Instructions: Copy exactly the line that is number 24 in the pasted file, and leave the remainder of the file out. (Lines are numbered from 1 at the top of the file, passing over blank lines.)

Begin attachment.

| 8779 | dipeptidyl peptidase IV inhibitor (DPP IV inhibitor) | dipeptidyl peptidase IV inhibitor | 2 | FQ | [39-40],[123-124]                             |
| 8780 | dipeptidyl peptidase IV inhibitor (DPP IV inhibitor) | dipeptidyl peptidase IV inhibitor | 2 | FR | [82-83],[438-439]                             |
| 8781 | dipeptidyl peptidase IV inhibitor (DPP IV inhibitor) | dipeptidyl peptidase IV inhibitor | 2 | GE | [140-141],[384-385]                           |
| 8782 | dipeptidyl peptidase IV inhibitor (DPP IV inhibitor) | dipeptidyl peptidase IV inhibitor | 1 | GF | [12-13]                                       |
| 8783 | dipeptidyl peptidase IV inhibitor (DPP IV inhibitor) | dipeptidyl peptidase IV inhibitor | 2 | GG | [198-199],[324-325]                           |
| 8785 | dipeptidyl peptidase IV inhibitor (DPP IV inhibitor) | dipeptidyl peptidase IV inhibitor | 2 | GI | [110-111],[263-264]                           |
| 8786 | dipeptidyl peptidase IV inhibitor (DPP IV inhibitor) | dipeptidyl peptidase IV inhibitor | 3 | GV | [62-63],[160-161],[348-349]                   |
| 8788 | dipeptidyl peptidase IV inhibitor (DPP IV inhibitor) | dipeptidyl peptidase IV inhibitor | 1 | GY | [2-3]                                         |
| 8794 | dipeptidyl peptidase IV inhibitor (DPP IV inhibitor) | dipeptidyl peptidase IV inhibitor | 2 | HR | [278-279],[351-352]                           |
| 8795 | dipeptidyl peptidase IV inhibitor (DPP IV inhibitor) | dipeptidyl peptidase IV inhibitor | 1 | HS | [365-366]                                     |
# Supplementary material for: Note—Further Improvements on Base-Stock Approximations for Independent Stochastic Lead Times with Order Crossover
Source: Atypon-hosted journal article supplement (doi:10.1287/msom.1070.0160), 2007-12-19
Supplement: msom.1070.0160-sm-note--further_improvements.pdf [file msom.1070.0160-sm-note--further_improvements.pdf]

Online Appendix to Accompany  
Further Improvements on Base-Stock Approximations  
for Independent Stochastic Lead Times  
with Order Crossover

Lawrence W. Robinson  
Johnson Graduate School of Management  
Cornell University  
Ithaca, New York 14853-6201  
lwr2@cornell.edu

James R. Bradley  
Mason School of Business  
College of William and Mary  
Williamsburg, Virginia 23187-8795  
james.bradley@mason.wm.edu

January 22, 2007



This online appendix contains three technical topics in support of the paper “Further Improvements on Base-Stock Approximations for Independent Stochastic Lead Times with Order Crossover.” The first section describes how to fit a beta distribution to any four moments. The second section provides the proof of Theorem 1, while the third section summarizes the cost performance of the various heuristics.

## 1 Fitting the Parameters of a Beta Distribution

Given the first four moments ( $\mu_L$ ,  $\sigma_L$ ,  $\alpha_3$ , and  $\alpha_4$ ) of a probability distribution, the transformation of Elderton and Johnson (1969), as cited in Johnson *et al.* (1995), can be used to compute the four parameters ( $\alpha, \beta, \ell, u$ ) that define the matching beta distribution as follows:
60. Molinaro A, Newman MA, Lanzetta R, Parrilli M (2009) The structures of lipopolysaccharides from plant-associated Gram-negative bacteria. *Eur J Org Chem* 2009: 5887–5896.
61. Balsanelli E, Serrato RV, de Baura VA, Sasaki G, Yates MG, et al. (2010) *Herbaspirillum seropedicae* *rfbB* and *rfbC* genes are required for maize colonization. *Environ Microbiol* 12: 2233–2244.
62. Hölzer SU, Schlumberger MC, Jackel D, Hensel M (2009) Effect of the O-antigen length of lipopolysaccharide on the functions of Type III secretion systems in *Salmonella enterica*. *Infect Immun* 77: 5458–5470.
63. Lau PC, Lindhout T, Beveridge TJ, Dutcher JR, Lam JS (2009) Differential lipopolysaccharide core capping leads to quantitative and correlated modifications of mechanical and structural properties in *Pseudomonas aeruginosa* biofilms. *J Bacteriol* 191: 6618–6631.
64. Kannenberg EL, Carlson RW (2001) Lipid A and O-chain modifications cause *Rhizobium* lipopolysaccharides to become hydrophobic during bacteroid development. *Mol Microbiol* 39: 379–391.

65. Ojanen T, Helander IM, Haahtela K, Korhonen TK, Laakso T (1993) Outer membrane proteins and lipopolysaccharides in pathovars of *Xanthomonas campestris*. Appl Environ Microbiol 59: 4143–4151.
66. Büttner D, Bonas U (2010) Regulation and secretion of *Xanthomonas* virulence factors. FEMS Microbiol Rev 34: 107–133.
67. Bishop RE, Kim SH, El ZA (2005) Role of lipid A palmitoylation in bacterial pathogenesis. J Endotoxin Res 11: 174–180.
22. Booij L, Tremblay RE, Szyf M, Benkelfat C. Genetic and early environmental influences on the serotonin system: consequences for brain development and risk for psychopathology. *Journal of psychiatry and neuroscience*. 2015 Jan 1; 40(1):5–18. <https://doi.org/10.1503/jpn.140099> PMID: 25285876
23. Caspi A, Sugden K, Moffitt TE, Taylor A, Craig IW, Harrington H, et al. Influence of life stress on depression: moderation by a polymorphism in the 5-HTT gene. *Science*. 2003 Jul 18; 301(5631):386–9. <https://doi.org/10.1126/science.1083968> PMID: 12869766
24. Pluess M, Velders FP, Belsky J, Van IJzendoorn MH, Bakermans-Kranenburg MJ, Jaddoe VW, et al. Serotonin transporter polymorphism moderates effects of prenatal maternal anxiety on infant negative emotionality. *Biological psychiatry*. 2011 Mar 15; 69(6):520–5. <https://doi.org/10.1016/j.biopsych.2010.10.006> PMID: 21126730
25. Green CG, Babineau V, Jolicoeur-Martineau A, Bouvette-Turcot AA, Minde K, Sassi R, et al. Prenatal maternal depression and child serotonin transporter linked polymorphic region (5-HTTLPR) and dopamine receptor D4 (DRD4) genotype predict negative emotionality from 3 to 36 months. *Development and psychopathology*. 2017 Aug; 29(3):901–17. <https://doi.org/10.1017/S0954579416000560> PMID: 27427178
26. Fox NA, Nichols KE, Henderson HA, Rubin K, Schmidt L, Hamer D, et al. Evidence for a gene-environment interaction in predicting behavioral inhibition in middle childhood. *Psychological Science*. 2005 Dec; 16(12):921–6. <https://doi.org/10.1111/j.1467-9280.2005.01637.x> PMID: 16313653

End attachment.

Mason School of Business  